In this work we used 66 male subjects aged 31-35 from the group S500 of the Human Connectome Project (HCP), all preprocessed with the HCP minimum pipeline [7]. The main advantages of using this public data base are: each subject possess a dense mesh representing their cortical surface, we use it to create seed- points for tractography; all the mesh’s vertices are coregistered across subjects, property that we use to create the groupwise parcellation; each subject possess the Desikan Atlas [5] parcellation already computed over their cortical mesh; for each cortical mesh there are also different z-score maps representing the response to different stimuli obtained with functional MRI (fMRI) [2]. Finally, the group S500 contains z-score maps representing the average functional response to stimuli for 100 unrelated subjects (U100). These studies are used to validate our technique’s results.

Cortical Connectivity Model and Tractography

Our model assumes that the cortex is divided in clusters of homogeneous extrinsic connectivity. That is, nearby neurons in the cortex share approximately the same long-ranged physical connections, we call this the local coherence criterion. Our assumption is based on histological results in the macaque brain [19]. As in clustered data models in statistics [16] we allow intra-cluster and across-subject variability. We formalize this concept as:

where the set of points on the cortex K is the disjoint union of each cluster K and conn(-) is the extrinsic connectivity fingerprint of a cluster. We will make the notion of variability explicit in Eq. (3). In this work, the connectivity fingerprint of a seed-point in the brain is a binary vector denoting to which other seed-points it is connected through axonal bundles. This is, the physical connections of a point p 2 K in the brain are represented by its connectivity fingerprint conn(p) = conn(K).

Nowadays, the most common tool for estimating the extrinsic connectivity fingerprint of a point in vivo is probabilistic tractography [9]. Given a seed-point in the brain, probabilistic tractography creates a tractogram: an image where each voxel is valued with its probability of being connected to the seed through axonal bundles. One way of calculating these probabilities is with a Monte Carlo procedure, simulating the random walk of water particles through the white matter [3]. Each one of these paths is known as a streamline. If we think these streamlines as Bernoulli trials, were we get a value for the connection from our seed with other points (1 if they connected by the streamline, 0 if not) [3], then we can model the tractogram of the subject s in the seed-point p as:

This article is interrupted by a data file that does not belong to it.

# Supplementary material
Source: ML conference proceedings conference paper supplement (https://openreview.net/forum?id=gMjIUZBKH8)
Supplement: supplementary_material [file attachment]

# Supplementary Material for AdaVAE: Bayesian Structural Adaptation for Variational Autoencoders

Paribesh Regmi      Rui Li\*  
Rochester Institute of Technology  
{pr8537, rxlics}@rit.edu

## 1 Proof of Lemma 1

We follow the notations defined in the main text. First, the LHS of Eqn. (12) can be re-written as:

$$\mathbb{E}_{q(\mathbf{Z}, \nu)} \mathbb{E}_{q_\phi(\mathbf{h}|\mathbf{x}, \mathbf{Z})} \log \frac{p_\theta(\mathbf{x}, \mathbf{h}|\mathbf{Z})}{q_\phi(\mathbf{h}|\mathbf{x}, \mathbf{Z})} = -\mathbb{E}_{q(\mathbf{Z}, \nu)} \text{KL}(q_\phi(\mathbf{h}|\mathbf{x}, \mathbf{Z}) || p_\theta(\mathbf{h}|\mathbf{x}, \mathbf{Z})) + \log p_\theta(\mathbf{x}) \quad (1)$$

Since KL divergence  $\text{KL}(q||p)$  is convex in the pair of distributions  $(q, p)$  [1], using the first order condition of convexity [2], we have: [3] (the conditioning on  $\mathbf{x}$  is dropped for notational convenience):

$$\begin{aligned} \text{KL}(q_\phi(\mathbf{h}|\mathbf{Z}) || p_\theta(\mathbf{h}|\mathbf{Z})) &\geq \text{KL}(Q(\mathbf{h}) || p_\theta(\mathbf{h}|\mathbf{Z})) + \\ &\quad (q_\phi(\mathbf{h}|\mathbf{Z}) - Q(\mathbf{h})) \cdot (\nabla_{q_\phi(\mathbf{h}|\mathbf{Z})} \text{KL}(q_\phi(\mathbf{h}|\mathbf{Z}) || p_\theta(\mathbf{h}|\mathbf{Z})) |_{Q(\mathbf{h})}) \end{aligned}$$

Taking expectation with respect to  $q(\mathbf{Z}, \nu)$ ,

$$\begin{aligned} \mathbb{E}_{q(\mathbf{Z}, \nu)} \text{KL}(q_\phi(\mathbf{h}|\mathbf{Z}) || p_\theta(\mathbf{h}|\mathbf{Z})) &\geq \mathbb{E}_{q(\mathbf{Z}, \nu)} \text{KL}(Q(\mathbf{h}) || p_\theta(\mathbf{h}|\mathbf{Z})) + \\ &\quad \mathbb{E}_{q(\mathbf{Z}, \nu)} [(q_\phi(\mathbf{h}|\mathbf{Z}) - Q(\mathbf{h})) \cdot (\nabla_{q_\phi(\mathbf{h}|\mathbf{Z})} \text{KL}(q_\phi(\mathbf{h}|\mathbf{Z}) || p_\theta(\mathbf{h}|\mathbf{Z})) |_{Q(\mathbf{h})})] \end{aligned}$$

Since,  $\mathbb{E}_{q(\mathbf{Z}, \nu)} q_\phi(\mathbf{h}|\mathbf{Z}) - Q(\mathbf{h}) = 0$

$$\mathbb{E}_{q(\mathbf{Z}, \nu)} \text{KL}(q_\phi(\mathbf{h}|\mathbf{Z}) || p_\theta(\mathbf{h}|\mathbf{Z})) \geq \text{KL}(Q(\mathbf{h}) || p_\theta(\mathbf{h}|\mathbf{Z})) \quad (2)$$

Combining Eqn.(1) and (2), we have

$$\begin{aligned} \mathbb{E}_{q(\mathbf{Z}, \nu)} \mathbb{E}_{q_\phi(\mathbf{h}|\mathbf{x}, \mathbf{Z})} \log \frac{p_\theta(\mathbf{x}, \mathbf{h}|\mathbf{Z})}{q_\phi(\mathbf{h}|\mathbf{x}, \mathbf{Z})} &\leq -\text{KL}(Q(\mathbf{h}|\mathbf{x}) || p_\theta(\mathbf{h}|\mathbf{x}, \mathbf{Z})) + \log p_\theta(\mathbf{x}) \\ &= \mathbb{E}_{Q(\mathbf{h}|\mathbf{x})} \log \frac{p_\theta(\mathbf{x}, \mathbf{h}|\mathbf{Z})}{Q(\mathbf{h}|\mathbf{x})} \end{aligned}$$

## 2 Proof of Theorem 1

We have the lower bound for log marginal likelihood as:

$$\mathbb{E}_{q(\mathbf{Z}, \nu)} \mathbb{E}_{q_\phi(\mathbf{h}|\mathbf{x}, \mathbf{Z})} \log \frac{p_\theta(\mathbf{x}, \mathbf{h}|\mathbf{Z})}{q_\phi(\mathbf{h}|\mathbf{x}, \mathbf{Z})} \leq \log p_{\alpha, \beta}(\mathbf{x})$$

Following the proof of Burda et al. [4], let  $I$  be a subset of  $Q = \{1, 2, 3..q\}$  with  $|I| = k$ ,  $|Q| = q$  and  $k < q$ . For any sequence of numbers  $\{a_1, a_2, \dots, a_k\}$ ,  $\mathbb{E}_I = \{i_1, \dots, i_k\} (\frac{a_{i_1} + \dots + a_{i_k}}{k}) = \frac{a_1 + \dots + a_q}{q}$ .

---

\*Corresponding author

where C_{sp}i is a Bernoulli random variable^{[1]} representing “the point p of the subject s is connected to the voxel i”. Each Bernoulli’s parameter (6_{spi}) represents the probability of being connected, and is estimated as the proportion of success in the Bernoulli trials of each seed.

To formulate the tractogram in accordance to our hypothesis of cortical connectivity, we model a tractogram as a vector of random variables. In our model, each element in a tractogram comes from a random variable depending of the point’s cluster alongside its intra-cluster and across-subject variability:

in this case, the point p belongs to the cluster c; e_{ci} represents the intra-cluster variability and e_{si} represents the across-subject variability for the connectivity to voxel i in the cluster c.

Since each C_{spi} follows a Bernoulli distribution [Eq. (2)] it’s difficult to find an explicit formulation for P(C_{spi} = 1| conn(K_{c}), e_{ci}, e_{si}) accounting for the variabilities. For this, we use the generalized linear model (GLM) theory. In this theory, the data is assumed to follow a linear form after being transformed with an appropriate link function [11]. Using the following notation abuse:

we derive from GLM a logistic random-effects model [16] for each point p:

where e_{c} and e_{s} represent the intra-cluster and across-subject variability respectively. According to GLM theory fi_{c}2 R" is the extrinsic connectivity fingerprint of cluster K_{c} transformed:

The choice of logit as link function is based on the work of Pohl et al. [17]. There, they show that the logit function’s codomain is a Euclidean space, which allows us to transform and manipulate the tractograms in a well-known space.

[1] For the sake of clarity we denote all random variables with a tilde, e.g. C.